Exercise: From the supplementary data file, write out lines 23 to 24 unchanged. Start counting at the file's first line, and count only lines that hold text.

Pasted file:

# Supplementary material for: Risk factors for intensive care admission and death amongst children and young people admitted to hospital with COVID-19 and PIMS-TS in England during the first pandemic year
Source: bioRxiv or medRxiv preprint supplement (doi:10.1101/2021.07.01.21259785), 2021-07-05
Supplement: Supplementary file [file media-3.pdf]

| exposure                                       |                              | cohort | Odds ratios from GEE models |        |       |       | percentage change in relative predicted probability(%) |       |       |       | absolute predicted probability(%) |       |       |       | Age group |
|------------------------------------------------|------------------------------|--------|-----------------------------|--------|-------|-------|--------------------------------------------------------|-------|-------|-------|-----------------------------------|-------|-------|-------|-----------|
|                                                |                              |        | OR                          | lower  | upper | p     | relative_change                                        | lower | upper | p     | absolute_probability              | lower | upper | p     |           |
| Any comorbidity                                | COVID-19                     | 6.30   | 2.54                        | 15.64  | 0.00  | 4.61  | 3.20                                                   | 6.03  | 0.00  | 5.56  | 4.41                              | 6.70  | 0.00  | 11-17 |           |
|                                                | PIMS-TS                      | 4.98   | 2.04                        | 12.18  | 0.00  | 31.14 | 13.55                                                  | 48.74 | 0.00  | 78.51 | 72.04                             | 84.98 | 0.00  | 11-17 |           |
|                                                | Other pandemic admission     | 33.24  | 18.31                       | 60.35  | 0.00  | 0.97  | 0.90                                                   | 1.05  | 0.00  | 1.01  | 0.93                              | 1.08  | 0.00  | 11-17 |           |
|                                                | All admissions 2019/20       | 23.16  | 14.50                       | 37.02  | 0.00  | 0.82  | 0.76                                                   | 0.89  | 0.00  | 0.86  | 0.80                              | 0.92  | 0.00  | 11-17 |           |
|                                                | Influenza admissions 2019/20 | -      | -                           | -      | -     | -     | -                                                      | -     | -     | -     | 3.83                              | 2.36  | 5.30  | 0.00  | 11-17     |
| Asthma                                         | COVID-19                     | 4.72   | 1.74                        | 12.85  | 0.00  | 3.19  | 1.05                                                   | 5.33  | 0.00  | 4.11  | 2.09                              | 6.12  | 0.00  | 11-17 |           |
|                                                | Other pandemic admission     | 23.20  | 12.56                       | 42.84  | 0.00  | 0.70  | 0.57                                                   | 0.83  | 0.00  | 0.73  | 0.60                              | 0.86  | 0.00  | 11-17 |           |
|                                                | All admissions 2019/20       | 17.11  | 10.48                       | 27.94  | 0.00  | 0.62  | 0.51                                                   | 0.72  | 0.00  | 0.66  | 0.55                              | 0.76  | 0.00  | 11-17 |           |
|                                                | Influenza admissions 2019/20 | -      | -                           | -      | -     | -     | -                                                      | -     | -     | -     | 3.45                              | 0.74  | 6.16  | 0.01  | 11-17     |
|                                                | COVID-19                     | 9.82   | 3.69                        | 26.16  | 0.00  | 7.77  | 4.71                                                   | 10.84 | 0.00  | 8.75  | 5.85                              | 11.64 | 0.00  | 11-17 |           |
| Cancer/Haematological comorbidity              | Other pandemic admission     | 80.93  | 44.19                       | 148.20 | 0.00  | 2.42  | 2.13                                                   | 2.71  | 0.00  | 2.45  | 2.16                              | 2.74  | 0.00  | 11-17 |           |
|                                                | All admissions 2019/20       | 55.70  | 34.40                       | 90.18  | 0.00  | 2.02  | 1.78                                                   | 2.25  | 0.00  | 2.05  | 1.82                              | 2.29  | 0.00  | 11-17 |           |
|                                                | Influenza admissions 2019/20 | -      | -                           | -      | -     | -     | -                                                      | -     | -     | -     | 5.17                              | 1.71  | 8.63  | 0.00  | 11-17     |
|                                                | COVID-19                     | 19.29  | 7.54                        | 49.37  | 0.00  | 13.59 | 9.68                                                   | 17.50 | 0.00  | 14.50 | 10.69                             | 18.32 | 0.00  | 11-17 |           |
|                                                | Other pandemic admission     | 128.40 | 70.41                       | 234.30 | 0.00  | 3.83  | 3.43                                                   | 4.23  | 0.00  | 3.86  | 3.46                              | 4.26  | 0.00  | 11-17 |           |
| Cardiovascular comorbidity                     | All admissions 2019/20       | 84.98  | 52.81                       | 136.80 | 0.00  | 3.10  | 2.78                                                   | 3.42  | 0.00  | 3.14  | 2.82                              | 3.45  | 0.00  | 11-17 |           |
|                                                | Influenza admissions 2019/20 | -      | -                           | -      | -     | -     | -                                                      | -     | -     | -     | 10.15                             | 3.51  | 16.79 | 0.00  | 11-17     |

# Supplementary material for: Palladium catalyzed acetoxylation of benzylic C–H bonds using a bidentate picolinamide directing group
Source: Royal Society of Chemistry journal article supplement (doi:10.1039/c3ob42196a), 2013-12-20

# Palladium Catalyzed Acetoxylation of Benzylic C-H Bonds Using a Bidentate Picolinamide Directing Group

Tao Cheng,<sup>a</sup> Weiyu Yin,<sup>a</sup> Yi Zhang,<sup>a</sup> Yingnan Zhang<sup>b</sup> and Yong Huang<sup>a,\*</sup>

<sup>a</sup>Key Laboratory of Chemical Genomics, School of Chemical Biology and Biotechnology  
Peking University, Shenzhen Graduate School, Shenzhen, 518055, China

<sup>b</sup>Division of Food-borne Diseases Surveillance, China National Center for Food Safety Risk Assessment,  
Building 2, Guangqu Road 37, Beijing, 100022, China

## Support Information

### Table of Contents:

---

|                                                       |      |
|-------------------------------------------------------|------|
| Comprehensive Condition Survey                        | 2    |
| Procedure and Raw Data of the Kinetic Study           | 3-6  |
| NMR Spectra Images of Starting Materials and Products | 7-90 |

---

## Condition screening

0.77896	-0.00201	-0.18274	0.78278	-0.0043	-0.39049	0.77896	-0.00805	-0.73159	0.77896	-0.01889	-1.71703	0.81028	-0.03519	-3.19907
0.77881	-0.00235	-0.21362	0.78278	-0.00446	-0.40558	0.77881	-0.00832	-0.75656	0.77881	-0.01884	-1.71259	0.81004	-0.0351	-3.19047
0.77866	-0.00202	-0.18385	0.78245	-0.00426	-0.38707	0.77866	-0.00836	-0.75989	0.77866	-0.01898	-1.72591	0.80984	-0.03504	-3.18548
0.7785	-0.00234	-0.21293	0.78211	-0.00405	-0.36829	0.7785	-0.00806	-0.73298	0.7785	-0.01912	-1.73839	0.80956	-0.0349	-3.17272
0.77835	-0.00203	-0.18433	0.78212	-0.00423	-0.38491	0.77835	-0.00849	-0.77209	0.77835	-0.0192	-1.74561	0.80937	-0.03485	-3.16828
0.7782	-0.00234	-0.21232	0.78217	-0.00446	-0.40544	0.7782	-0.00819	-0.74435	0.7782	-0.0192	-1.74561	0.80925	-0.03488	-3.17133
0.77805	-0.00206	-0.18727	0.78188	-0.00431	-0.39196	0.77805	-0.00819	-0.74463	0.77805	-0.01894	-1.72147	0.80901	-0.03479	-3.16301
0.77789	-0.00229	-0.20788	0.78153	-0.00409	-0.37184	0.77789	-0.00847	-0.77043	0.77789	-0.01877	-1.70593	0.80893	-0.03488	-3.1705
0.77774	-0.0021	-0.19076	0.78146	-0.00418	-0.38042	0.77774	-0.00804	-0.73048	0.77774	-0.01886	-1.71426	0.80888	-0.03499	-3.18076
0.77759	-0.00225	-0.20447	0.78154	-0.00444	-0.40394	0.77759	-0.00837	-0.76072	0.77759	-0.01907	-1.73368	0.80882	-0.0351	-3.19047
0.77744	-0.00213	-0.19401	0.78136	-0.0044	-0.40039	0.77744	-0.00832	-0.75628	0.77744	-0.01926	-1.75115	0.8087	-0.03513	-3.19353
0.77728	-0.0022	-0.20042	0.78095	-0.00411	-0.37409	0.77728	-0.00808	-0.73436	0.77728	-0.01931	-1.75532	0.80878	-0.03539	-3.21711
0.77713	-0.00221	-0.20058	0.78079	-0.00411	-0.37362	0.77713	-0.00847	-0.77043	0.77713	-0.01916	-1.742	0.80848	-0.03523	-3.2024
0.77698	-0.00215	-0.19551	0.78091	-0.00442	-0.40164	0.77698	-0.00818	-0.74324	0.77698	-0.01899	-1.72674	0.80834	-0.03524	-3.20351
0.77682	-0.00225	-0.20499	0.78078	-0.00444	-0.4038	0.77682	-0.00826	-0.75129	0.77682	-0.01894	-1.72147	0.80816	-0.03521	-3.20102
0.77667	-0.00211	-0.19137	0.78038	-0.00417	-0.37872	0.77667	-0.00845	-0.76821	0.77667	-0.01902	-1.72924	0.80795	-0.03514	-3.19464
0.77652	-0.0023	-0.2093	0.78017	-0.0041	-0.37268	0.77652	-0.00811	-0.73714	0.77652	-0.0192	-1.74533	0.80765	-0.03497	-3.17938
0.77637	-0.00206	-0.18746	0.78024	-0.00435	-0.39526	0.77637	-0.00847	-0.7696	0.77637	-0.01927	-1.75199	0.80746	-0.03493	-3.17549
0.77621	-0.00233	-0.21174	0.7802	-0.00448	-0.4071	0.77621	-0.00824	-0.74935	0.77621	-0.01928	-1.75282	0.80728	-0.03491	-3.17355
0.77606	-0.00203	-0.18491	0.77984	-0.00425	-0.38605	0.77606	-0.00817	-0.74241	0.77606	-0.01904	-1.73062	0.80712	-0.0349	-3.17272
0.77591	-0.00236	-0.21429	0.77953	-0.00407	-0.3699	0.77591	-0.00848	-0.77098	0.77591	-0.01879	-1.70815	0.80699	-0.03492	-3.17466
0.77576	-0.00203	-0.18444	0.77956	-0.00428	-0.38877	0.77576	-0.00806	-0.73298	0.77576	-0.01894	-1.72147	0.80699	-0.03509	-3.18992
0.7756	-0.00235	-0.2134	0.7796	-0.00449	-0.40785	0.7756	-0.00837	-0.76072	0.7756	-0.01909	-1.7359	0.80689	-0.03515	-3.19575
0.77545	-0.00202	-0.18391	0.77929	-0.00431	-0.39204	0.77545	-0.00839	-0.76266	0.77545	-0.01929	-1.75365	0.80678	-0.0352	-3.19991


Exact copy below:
|                                                | Influenza admissions 2019/20 | -      | -                           | -      | -     | -     | -                                                      | -     | -     | -     | 10.15                             | 3.51  | 16.79 | 0.00  | 11-17     |

# Supplementary material for: Palladium catalyzed acetoxylation of benzylic C–H bonds using a bidentate picolinamide directing group